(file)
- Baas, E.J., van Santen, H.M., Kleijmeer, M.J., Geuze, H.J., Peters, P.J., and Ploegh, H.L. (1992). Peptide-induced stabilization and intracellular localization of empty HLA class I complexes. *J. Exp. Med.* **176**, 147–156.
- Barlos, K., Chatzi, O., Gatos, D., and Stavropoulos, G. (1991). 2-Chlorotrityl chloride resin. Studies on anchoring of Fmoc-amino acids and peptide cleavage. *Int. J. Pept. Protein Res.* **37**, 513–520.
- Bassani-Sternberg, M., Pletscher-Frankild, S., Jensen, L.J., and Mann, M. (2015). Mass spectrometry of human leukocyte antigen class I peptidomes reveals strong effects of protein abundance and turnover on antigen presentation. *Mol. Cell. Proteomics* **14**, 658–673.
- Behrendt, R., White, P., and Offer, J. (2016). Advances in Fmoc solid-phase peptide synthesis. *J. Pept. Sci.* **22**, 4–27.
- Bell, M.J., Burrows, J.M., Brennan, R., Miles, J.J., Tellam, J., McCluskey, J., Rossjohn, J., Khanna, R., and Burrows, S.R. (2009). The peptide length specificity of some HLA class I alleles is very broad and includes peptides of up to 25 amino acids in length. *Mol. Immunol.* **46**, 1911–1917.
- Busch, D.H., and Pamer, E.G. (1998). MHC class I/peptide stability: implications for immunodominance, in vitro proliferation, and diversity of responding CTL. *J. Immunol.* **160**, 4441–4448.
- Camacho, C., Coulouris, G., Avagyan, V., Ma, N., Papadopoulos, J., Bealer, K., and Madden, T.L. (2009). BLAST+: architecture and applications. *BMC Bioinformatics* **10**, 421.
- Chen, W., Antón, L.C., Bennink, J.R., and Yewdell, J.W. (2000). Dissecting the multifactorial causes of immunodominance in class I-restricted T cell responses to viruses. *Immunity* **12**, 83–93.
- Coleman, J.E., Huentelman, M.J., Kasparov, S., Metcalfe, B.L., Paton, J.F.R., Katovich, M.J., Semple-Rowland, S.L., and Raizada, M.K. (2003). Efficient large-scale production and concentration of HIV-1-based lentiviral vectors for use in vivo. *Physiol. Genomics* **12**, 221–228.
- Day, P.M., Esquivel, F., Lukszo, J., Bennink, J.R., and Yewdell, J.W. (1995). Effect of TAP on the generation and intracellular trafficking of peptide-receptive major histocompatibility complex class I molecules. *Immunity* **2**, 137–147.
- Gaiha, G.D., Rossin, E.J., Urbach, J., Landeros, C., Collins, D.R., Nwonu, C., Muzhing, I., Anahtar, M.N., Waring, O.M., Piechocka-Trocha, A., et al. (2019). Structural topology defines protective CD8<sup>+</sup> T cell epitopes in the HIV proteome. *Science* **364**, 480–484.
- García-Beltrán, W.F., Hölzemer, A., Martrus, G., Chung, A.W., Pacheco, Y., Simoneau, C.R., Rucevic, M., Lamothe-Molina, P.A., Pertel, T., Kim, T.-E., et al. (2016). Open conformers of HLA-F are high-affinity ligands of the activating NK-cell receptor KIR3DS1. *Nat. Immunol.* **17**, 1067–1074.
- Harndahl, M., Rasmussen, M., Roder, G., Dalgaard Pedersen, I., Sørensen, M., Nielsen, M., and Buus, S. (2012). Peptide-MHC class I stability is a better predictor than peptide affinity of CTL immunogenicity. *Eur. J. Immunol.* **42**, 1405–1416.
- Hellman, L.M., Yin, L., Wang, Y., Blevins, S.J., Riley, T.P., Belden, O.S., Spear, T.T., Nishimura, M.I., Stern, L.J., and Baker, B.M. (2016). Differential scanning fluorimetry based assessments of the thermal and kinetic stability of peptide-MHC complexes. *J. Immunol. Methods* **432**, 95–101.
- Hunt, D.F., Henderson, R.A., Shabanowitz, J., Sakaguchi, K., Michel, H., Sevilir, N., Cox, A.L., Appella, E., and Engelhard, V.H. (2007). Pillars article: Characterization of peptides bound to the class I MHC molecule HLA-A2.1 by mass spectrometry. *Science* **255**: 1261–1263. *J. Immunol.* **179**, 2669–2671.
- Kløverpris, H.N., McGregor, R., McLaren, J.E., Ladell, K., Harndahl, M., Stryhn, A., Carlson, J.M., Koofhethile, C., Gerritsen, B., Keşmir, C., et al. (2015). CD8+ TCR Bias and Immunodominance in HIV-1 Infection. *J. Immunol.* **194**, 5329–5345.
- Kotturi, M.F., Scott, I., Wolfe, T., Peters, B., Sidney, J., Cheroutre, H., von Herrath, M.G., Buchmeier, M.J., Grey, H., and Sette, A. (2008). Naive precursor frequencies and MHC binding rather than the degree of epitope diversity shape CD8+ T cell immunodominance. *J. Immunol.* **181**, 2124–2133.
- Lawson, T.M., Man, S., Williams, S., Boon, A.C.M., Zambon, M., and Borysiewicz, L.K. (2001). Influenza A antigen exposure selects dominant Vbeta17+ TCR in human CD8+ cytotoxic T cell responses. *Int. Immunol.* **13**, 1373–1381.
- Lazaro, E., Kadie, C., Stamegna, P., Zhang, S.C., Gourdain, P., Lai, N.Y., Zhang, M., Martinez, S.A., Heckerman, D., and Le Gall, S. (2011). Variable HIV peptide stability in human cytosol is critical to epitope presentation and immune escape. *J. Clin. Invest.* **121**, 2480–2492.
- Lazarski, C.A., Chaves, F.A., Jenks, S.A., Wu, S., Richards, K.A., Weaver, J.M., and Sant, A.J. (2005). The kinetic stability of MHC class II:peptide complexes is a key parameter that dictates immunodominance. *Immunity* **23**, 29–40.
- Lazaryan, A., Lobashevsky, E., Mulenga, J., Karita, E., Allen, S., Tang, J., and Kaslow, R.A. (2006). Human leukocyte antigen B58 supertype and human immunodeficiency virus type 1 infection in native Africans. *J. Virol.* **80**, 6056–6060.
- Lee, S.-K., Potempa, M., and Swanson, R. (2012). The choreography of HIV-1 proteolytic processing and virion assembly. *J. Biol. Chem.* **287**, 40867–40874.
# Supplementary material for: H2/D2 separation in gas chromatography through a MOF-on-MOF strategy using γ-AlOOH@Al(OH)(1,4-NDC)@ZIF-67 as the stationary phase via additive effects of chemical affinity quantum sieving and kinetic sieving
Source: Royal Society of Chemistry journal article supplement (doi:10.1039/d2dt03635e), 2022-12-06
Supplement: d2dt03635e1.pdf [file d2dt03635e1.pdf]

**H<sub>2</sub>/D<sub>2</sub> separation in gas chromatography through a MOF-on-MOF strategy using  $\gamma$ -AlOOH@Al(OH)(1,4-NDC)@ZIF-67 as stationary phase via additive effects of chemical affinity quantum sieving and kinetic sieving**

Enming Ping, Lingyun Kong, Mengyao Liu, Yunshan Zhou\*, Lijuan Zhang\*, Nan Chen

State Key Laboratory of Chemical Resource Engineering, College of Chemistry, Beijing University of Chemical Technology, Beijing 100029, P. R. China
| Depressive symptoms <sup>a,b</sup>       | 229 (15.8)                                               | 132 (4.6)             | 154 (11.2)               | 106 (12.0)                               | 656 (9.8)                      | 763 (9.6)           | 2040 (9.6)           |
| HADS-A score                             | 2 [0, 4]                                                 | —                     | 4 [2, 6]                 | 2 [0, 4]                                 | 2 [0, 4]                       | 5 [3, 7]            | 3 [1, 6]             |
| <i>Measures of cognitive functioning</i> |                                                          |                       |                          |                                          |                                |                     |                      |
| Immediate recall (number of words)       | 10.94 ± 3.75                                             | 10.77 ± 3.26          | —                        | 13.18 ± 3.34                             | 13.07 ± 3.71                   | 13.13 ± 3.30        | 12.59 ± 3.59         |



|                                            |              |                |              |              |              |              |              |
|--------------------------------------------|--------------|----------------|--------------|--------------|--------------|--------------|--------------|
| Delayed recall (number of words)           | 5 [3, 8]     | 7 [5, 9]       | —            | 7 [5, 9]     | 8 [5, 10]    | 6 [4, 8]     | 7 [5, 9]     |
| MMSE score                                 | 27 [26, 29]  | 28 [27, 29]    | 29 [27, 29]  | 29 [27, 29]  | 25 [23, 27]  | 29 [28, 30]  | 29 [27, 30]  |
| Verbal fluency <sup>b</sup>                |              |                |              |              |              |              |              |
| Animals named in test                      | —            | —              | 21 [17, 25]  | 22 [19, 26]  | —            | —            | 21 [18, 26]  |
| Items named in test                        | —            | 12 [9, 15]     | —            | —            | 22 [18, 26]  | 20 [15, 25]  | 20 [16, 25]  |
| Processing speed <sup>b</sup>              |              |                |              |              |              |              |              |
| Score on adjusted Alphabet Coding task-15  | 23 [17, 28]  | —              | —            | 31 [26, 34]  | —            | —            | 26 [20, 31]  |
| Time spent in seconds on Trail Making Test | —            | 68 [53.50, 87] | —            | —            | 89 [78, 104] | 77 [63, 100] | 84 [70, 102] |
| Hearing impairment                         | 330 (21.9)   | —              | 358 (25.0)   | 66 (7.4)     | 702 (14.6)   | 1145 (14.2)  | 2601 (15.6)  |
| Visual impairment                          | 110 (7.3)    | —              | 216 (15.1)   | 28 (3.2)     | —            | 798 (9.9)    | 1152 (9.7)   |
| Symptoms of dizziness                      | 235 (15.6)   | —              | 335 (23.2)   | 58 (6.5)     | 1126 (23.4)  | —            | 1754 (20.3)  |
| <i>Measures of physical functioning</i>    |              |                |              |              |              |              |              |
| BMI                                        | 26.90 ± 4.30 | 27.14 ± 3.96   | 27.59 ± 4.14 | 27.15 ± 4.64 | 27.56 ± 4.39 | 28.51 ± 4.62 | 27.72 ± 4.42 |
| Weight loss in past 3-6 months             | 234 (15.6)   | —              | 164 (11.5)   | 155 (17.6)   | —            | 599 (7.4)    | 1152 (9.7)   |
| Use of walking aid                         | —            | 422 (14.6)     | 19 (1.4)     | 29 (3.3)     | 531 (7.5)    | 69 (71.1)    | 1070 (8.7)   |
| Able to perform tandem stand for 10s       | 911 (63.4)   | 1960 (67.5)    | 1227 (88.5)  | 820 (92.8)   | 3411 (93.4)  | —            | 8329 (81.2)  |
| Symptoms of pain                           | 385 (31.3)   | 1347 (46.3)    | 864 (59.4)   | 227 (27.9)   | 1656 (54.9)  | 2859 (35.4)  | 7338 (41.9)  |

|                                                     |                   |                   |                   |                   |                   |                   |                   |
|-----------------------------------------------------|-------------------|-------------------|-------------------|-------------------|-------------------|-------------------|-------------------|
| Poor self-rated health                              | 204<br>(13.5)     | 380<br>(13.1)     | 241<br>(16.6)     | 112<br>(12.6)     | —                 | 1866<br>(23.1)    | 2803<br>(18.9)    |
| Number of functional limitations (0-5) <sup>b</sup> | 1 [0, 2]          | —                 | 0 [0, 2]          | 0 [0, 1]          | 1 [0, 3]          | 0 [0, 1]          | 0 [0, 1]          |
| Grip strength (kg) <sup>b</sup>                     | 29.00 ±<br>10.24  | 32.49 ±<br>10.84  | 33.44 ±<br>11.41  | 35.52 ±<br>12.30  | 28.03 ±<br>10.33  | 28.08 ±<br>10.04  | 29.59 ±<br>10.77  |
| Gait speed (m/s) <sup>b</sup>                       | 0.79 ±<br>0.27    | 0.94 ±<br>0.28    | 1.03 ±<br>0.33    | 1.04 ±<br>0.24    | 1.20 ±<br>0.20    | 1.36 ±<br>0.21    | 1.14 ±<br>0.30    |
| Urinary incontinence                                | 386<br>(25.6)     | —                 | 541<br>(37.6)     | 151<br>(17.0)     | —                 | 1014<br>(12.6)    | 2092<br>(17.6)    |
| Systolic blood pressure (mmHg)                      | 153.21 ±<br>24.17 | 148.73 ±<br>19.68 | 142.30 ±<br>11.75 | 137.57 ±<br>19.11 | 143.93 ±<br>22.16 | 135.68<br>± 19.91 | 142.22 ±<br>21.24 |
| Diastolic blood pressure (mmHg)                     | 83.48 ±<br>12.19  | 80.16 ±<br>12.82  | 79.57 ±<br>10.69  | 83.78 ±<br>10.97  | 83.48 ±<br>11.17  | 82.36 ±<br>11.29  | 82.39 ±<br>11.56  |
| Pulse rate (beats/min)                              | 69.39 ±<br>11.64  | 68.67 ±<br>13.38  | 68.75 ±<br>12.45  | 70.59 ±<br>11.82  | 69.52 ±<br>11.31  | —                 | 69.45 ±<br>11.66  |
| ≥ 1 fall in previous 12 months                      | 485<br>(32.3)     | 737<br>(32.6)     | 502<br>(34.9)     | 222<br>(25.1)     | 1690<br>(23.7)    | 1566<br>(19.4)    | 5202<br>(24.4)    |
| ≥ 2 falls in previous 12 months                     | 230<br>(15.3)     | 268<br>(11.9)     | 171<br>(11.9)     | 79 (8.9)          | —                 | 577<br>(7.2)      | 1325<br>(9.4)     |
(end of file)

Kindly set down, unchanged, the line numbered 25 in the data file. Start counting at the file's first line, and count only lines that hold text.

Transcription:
Supplement: d2dt03635e1.pdf [file d2dt03635e1.pdf]